2. Transacting value

Cryptocurrency enables us to transact value between peers without a centralized authority. It provides a cheaper, faster and more efficient alternative to traditional payment networks. As a company, accepting cryptocurrency payments is becoming increasingly efficient, saving on fees and bringing faster settlement. Soon, startups will no longer need to go through the long process of setting up a business bank account to receive and distribute funds. In 2014, became the first retailer to accept bitcoin, receiving over 800 orders worth $126,000 in bitcoin in the first 22 hours. It has since amassed a $403,000 portfolio of cryptocurrency.

Related: 5 Essential Podcasts for Entrepreneurs Serious About Cryptocurrency

3. Investing for the future

For entrepreneurs, cryptocurrency may be the investment opportunity of a lifetime. Never before in history have retail investors had investment access to high growth early stage companies. Traditionally, venture capital funds and private angel investors have held monopolies on access to investment in the world’s best technical talent. Cryptocurrency provides a gateway for anyone in the world to invest in the world’s most exciting technology, allowing retail investors to own a basket of high growth companies. For example, through the decentralized method of blockchain investment, teenager Erik Finnman was able to invest in Bitcoin in 2011, becoming a Bitcoin millionaire at age 18. These types of investment stories would not be possible with traditional private venture capital fundraising.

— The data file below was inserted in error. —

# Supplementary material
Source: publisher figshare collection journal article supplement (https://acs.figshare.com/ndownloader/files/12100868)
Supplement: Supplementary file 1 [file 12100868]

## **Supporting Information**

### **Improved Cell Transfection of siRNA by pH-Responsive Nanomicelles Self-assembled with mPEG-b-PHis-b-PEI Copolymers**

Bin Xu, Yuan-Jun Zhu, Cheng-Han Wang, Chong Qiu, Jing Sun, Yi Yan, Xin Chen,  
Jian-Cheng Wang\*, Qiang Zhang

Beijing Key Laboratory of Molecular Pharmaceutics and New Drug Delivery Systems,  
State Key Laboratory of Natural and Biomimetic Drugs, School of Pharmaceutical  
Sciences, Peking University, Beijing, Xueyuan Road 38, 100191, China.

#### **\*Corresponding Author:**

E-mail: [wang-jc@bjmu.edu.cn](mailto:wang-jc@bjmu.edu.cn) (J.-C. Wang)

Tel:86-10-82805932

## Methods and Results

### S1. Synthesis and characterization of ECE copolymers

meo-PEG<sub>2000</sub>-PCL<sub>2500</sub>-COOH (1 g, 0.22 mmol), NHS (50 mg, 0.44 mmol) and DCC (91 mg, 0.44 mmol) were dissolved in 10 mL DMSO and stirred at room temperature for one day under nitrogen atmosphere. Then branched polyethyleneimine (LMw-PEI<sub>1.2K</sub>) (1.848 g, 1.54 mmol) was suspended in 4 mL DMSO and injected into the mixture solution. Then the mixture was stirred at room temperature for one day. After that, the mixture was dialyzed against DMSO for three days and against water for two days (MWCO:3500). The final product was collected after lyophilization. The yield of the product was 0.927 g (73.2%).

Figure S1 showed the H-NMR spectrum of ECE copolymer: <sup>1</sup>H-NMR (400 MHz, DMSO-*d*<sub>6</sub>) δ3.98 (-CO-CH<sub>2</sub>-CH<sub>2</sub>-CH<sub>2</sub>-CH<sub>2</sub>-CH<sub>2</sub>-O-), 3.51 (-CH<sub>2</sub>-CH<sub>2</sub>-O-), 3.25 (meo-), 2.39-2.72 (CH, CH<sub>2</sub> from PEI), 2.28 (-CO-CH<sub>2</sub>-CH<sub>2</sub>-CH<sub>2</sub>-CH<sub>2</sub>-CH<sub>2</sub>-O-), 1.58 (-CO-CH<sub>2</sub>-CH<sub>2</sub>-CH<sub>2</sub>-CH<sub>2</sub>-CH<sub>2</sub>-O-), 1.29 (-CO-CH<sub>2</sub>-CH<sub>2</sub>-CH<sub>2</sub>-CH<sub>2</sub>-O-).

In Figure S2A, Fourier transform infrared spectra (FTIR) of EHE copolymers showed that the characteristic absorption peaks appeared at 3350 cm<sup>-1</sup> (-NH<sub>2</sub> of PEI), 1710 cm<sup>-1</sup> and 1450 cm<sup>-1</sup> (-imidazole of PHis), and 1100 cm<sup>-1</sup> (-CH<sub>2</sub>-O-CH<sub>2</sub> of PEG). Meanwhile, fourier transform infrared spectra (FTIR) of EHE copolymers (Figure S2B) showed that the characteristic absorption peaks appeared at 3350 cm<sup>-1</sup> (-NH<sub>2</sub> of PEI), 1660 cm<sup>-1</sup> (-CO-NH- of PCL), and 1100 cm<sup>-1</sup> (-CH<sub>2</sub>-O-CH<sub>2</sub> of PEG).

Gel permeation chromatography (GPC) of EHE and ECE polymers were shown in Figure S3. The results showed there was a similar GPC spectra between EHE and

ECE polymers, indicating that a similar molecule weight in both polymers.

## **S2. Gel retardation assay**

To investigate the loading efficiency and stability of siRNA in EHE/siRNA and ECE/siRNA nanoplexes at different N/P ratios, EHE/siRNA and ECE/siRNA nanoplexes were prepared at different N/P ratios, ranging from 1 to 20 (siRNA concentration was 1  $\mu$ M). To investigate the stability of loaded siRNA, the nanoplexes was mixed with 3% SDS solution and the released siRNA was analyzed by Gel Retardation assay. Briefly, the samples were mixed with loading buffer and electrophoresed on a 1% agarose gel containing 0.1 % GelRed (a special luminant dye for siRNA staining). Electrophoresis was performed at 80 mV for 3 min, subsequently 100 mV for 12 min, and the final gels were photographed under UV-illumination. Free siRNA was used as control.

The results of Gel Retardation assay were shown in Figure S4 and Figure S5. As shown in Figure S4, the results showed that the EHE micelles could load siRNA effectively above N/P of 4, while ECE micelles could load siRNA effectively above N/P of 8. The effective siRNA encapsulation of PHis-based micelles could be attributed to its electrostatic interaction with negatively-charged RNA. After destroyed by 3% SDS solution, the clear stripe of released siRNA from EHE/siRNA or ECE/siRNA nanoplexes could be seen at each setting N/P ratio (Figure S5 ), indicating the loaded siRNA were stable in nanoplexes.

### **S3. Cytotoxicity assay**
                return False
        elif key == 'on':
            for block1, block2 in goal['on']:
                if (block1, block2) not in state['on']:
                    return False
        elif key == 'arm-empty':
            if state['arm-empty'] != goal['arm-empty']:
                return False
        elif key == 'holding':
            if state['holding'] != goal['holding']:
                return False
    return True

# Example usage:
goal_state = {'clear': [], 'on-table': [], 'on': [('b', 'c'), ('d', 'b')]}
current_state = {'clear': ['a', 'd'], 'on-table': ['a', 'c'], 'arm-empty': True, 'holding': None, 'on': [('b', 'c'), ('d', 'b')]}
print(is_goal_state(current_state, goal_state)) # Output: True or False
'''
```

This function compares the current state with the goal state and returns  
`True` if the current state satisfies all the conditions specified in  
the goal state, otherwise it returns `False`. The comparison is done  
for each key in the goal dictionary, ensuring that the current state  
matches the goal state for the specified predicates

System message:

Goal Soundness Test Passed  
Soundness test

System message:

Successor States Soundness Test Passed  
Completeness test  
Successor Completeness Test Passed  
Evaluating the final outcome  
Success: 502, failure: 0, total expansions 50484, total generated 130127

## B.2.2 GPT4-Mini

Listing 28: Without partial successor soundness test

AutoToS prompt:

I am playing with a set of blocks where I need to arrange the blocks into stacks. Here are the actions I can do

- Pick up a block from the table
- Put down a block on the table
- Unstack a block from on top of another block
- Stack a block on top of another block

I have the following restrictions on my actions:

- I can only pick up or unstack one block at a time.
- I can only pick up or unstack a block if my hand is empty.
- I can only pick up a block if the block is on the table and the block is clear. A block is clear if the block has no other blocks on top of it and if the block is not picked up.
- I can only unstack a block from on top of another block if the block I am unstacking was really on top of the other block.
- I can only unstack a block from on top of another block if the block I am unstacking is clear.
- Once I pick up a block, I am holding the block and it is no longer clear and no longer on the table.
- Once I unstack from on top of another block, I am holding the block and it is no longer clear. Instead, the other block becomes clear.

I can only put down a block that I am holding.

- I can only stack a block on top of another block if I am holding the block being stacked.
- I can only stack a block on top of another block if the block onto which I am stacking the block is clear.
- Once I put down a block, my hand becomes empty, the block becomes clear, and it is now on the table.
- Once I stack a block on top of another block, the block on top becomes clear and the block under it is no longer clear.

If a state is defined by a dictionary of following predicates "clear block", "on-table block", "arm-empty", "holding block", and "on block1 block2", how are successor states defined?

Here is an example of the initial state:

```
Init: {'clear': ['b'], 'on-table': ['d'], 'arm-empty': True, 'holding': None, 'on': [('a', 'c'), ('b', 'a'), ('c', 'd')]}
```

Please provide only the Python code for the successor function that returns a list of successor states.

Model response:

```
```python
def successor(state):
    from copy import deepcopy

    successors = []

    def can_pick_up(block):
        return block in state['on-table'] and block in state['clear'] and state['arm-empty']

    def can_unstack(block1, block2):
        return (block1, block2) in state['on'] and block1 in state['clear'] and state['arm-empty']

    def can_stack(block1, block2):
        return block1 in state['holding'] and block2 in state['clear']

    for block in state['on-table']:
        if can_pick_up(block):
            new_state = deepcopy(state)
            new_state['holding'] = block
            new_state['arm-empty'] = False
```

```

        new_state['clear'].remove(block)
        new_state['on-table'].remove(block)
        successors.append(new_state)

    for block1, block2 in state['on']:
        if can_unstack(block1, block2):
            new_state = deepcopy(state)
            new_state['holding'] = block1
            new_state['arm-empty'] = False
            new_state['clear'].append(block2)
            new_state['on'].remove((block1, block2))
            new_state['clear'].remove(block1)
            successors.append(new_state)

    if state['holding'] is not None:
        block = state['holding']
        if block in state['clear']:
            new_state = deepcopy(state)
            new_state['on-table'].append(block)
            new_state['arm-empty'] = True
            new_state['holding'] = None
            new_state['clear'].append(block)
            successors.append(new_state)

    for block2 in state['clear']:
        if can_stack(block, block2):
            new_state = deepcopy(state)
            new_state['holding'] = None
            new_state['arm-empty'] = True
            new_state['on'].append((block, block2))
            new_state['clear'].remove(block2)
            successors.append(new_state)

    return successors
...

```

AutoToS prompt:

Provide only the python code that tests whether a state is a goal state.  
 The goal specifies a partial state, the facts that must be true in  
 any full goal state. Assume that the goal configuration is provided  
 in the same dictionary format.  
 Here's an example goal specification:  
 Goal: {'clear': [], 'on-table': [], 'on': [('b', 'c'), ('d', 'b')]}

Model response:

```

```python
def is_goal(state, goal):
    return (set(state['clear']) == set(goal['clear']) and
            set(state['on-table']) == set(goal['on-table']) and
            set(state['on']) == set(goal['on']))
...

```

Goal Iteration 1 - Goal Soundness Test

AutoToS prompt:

Related: Why You Can’t Afford to Ignore Cryptocurrencies and Blockchain Anymore

4. Developing on the blockchain

The blockchain offers powerful infrastructure for companies to run their technology and create entirely new business models in a trusted way without a centralized authority. Blockchain technology is already revolutionizing the way startups create value. The Ethereum platform allows companies to build unstoppable blockchain applications quickly and for free. One example of a company leveraging the Ethereum blockchain is OmiseGO, a payments company that is using blockchain to provide banking services for the world’s 2 billion unbanked population. Blockchain technology is a cost-efficient way of building decentralized applications that can scale to a global population.

Related: 6 Cryptocurrencies You Should Know About (and None of Them Are Bitcoin)

5. Joining the blockchain community